• Understate your want: Fear that your partner will be upset, hurt or unhappy if you say what you really want may lead you to ask for something else (“Let’s ask your sister to go with us” when you really want an evening all alone together.) This confuses your partner, and makes it impossible to get what you really want because you haven't said what it is.

The Importance of Knowing What you Want
You may be wondering why being clear about what you want is getting so much emphasis here. Many people have serious trouble knowing what they want, feeling comfortable communicating it, and stating it clearly. Many people have difficulty solving problems because they do not know what they want, or, if they do know, cannot express it effectively to someone else.

We often grow up suppressing our desires -- sometimes to the extent of not even being aware of them. Most of us learn in early childhood that:

• Wanting is selfish and that we should be polite and let others wants come first (“Be polite, let Susie have the toy”)
• It isn't OK to want (“Don't even ask me for a cookie just before dinner”)
• We want too much (“of course you can't have a new toy, do you think I'm made of money?”)
• If we get what we want, someone else will be deprived.

These internalized criticisms and restrictions make us anxious about getting what we want and even convinced that we won't.

In addition to all these other restrictions on wanting, you may have the idea that the consequences of wanting are bad (no one will like you), and so it is too scary to know what you want. Because knowing what you want sometimes means you risk being disappointed and many people have an exaggerated idea of how bad disappointment feels (if I don't get what I want I'll be miserable), they avoid wanting at all.

Steps to Getting What You Want:
If you have difficulty in knowing what you want and communicating it, try these steps:

1. Get clear about what you want: You can’t express what you want effectively if you’re not clear what it is, so before approaching your partner, your boss or your child with a request, think about it and make sure you can write it down in one clear sentence.

2. Create a good atmosphere: If asking for what you want is difficult for you, don’t do it without preparation. Make sure you and the person you’re asking both have time, and invite the other person to sit down and talk with you.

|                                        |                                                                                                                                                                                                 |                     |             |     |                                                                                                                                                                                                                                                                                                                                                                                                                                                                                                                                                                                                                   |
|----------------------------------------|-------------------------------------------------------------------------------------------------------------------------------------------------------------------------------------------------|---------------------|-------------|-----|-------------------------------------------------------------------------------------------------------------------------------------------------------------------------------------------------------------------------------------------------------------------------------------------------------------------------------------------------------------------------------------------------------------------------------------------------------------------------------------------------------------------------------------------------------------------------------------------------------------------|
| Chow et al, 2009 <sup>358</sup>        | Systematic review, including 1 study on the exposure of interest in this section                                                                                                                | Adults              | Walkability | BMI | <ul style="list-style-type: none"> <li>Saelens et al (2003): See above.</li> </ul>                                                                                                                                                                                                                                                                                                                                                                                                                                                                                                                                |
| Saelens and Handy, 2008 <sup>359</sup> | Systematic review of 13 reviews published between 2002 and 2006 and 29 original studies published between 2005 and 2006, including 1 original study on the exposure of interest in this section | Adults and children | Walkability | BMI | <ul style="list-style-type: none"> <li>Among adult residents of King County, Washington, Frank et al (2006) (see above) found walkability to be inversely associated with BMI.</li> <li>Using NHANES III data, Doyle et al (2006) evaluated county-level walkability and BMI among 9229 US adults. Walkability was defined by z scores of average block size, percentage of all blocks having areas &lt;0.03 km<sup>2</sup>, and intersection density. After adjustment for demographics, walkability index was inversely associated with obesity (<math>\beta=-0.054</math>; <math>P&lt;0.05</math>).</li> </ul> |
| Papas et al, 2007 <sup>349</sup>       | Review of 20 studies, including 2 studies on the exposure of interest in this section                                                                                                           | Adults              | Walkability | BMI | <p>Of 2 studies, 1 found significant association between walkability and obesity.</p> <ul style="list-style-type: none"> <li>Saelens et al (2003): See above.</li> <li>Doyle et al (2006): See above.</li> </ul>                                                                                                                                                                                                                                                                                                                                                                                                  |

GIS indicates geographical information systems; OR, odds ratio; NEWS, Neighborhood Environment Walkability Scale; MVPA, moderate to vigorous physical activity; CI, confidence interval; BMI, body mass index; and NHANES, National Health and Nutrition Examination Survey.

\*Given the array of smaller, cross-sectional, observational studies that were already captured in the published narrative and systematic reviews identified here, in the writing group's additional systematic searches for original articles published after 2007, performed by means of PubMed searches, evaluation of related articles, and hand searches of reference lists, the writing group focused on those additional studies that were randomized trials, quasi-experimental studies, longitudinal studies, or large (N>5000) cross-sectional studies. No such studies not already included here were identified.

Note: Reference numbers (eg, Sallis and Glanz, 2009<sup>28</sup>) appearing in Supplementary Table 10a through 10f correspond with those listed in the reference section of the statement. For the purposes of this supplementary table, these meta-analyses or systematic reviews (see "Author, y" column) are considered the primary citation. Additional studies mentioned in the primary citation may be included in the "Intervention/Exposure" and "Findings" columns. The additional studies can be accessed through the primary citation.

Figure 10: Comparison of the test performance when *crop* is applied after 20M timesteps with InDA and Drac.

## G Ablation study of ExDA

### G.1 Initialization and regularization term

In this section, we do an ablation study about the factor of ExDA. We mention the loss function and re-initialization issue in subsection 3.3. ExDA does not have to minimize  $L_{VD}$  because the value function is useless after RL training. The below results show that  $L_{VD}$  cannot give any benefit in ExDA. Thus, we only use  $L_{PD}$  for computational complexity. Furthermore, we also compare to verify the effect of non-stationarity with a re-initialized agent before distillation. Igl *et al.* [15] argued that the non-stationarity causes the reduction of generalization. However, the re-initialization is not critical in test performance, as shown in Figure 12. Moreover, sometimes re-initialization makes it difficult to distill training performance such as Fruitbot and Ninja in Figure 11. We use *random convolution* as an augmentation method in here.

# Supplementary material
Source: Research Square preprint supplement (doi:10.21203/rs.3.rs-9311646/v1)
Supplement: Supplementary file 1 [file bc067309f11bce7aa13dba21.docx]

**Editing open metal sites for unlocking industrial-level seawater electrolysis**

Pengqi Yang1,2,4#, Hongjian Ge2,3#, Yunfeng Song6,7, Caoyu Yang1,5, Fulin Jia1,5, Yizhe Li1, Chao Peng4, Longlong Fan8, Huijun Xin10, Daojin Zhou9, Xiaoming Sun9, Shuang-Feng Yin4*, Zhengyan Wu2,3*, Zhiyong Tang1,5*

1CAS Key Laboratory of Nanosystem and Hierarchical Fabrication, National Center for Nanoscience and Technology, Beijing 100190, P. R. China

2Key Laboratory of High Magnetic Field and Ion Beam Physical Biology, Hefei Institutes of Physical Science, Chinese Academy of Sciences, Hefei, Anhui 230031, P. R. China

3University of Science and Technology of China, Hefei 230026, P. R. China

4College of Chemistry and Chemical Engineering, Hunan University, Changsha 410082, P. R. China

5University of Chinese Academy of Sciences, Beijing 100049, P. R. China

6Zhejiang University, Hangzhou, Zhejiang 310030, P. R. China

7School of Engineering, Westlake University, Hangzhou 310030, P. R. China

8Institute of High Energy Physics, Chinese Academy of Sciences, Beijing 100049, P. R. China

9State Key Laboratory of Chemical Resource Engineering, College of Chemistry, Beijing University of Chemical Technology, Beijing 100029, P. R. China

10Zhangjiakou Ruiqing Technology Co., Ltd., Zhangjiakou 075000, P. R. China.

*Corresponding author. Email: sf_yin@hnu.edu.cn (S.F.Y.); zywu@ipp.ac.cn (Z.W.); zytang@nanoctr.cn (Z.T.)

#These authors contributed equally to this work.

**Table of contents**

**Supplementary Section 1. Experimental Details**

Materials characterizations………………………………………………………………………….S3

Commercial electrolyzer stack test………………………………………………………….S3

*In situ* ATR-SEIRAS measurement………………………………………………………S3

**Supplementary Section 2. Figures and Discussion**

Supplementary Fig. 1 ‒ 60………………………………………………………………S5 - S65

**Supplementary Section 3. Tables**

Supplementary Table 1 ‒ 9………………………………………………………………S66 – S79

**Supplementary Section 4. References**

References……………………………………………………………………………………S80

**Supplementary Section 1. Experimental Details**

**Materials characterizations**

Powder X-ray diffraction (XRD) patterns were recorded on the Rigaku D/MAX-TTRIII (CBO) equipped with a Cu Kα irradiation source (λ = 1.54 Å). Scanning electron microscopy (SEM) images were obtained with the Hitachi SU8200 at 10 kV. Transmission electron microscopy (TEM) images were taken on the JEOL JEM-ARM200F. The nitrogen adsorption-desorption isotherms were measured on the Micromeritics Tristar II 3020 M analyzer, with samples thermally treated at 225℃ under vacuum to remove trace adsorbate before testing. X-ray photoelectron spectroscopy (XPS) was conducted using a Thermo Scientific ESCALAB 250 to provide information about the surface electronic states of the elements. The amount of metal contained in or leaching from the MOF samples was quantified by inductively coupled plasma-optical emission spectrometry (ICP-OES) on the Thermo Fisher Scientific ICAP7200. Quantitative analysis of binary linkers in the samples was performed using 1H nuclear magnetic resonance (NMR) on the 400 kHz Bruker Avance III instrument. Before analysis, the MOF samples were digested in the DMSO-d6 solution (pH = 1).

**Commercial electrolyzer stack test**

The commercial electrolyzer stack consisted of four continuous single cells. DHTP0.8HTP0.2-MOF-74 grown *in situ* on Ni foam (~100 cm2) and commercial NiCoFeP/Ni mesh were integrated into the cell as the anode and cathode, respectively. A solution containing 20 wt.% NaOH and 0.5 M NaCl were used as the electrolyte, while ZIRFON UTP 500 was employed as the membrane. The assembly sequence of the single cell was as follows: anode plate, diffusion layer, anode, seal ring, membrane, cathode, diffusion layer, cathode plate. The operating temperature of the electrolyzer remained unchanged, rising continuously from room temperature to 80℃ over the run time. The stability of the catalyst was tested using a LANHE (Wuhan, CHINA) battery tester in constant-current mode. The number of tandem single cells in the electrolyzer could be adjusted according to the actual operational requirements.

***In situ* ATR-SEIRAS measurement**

3. Simply state what you want: Don’t preface your statement with a lot of disclaimers – they make the other person feel accused of something. Just ask, politely, for what you want.

4. Be prepared to accept a “no.”: Remember, if you can’t accept a no answer, then you’re making a demand, not a request, so have a backup solution. Find a way to get what you want for yourself, even if the other person isn’t cooperating. For example, if you don’t get that raise you deserve, maybe it’s time to begin a job search.

5. Listen politely to the other person’s answer: Whether the other person says yes, no, or something in between, listen carefully to what he or she says. Don’t get all caught up in a lot of worry and noise inside your head – pay attention. You need to know what the answer is.

If you follow these steps, you’ll find you’re successful a good percentage of the time, and when you aren’t you have a backup plan – so you really can’t lose.
adapted from: Money, Sex and Kids: Stop Fighting About the Three Things That Can Ruin Your Marriage (Adams Media) ISBN# 978-1-59869-325-6 © Tina B.Tessina, 2007

Author Bio:
Tina B. Tessina, Ph.D., is a licensed psychotherapist in S. California, with over 30 years experience in counseling individuals and couples and author of 11 books, including It Ends With You: Grow Up and Out of Dysfunction (New Page); How to Be a Couple and Still Be Free (New Page); The Unofficial Guide to Dating Again (Wiley) and The Real 13th Step: Discovering Self-Confidence, Self-Reliance and Independence Beyond the Twelve Step Programs (New Page.) Two new books will be out from Adams Press in 2007:Money, Sex and Kids: Stop Fighting About the Three Things That Can Ruin Your Marriage and Commuter Marriage. She publishes Happiness Tips from Tina, an e-mail newsletter, and the “Dr. Romance Blog” http://drromance.typepad.com/dr_romance_blog/ and has hosted "The Psyche Deli: delectable tidbits for the subconscious" a weekly hour long radio show. She is an online expert, answering relationship questions at www.CouplesCompany.com and Yahoo!Personals, as well as a Redbook Love Network expert and “Psychology Smarts” columnist for First for Women.Dr. Tessina guests frequently on radio, and on such TV shows as “Oprah”, “Larry King Live” and ABC news.